EDITORIAL: Florida, and Washington, have work to do to prepare state for hurricane season

Apr 7, 2008

South Florida Sun-Sentinel--April 5, 2008
South Florida Sun-Sentinel Editorial Board

ISSUE: Lawmakers grapple with more reforms.

“Run for the hills” would be appropriate advice, except there are few hills in Florida, and almost all are in the northern part of the state. So there’s really no other recourse for Floridians other than to have their elected leaders take another stab at property insurance reform.

Two bills are worth noting.

The first, SB 2156, and its House counterpart, HB 7021, is a no-brainer. This bill reins in the bulk of last year’s “reform” efforts regarding the Florida Hurricane Catastrophe Fund that exposed the state to greater financial liability to insure property damage from hurricanes.

The second bill is just as important, but is a tougher sell because it covers a lot of ground. SB 2860, and its companion bill, SB 1196, makes several changes, including improving standards for property insurance rate filings, increasing penalties for violating the state’s Insurance Code and extends for another two years the current prohibition on increasing rates on customers in Citizens Property Insurance Corp.

Both measures merit a thorough vetting by the Florida Legislature, and the sooner these bills work their way through the process and become law, the better.

You might remember home and commercial property insurance. That was the mushroom-cloud issue that dominated the political landscape before last year’s blow-up over property taxes and this year’s meltdown over the state’s early presidential primary.

You might have thought the most disappointing thing about the 2007 property insurance reforms is that very little changed, or that maybe you didn’t get the expected sharp reduction in premiums. It turns out, though, that things are worse than we all thought.

Not only have insurance prices not dropped dramatically, but the state has, as critics predicted, taken on a lot more risk than it can handle.

For example, if an area like South Florida were hit by a powerful storm causing, say, $50 billion in damage, Florida’s insurance programs would be left holding a $36.5 billion bag. To make up the difference, many billions worth of fees and assessments would have to be levied on all kinds of policies, from homeowner to automobile coverage. Wall Street is a big part of the problem. Its woes will make it very hard for the state to sell as much as $27 billion worth of bonds to make up losses.

So, there’s no choice now but for state lawmakers to go back to work on a new round of fixes. The rest of us had better brace for a new round of premium hikes.

The good news is that there is a consensus to scale back exposure of the CAT Fund. Alex Sink, the state’s chief financial officer, and other state insurance officials have warned the state could fall way short in raising new money through bonds, putting Floridians at risk of being too financially exposed if a severe storm hit resulting in many billions of dollars in damages. Fortunately, efforts to fix that glitch is moving in both legislative chambers.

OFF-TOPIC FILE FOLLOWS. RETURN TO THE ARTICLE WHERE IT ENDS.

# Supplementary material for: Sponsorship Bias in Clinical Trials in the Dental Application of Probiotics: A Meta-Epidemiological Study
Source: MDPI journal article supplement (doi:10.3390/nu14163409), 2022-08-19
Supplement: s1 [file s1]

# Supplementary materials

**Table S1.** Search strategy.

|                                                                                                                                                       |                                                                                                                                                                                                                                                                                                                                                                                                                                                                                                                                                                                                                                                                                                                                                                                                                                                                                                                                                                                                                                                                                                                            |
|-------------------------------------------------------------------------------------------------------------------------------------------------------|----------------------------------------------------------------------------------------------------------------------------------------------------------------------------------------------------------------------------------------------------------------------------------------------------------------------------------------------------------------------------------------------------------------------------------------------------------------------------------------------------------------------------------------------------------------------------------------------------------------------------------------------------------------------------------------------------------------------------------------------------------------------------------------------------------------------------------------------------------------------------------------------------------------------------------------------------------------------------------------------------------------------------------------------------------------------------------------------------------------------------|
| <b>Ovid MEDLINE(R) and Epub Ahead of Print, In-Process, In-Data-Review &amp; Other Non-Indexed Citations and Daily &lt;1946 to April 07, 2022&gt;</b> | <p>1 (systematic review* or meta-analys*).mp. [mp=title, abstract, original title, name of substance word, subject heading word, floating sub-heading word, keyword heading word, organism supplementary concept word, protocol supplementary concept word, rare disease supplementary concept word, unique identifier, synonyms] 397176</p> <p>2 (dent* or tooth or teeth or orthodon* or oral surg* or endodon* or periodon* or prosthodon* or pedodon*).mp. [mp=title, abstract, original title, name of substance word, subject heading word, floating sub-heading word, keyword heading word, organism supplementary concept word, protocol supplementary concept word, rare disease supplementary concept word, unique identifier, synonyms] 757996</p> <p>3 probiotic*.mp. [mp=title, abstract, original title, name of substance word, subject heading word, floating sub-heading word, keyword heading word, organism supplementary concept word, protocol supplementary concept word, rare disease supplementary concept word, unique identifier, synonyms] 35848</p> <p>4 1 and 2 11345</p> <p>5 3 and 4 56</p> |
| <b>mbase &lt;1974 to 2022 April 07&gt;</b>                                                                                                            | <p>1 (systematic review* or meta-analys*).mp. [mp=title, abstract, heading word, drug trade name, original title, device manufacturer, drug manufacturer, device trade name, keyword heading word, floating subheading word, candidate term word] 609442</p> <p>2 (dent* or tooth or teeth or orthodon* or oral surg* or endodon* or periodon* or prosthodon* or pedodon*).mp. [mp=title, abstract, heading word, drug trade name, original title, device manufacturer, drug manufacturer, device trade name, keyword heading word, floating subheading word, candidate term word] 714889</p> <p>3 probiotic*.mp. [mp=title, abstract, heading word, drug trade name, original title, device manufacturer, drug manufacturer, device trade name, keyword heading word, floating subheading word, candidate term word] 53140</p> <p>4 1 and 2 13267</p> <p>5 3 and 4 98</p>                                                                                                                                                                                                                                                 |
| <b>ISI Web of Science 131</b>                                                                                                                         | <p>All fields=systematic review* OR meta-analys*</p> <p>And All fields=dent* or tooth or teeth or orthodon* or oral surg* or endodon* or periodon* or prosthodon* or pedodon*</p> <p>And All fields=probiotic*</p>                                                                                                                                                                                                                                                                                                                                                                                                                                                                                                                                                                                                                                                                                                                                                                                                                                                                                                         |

Other changes, like removing the freeze on premiums for Citizens’ 1.3 million policyholders, will be the subject of hot debate. Those rates are frozen through the end of this year, but the Senate wants to extend the freeze for another year. That’s too risky a proposition for a policy roster full of customers concentrating in higher-risk and heavily populatedcoastal areas. The company must raise enough dollars through increases inpremiums to mitigate that exposure.

No doubt increasing premiums will inflict pain on Citizens’ customers, but it’s nothing compared to the catastrophic costs that await Floridians living across the state if a powerful hurricane strikes a region laden with Citizens policies.

Lawmakers should ensure that that scenario doesn’t happen — ever. The state and the company are going to have to enact rate increases judiciously so that they are made as gradual and affordable as possible, but the freeze has to expire.

What’s maddening about all this is that, for all its efforts, Florida isn’t getting the cooperation it deserves from the federal government. U.S. Reps. Ron Klein and Tim Mahoney successfully steered a bill that would create a national catastrophic fund through the House, but the measure faces stiff opposition in the Senate, and President Bush has promised a swift veto if the bill makes it to his desk.

Gee, thanks.

It’s almost tempting to follow the Katrina example. That’s where we sit on our hands, do nothing until the powerful storm hits, and then we stick Washington and U.S. taxpayers with the bill and a huge “I told you so.”

Nothing will change, however, until Washington learns a lesson that Florida has learned — it’s best to prepare and plan for the worst in order to save lives, property and money.

BOTTOM LINE: Back to the drawing board.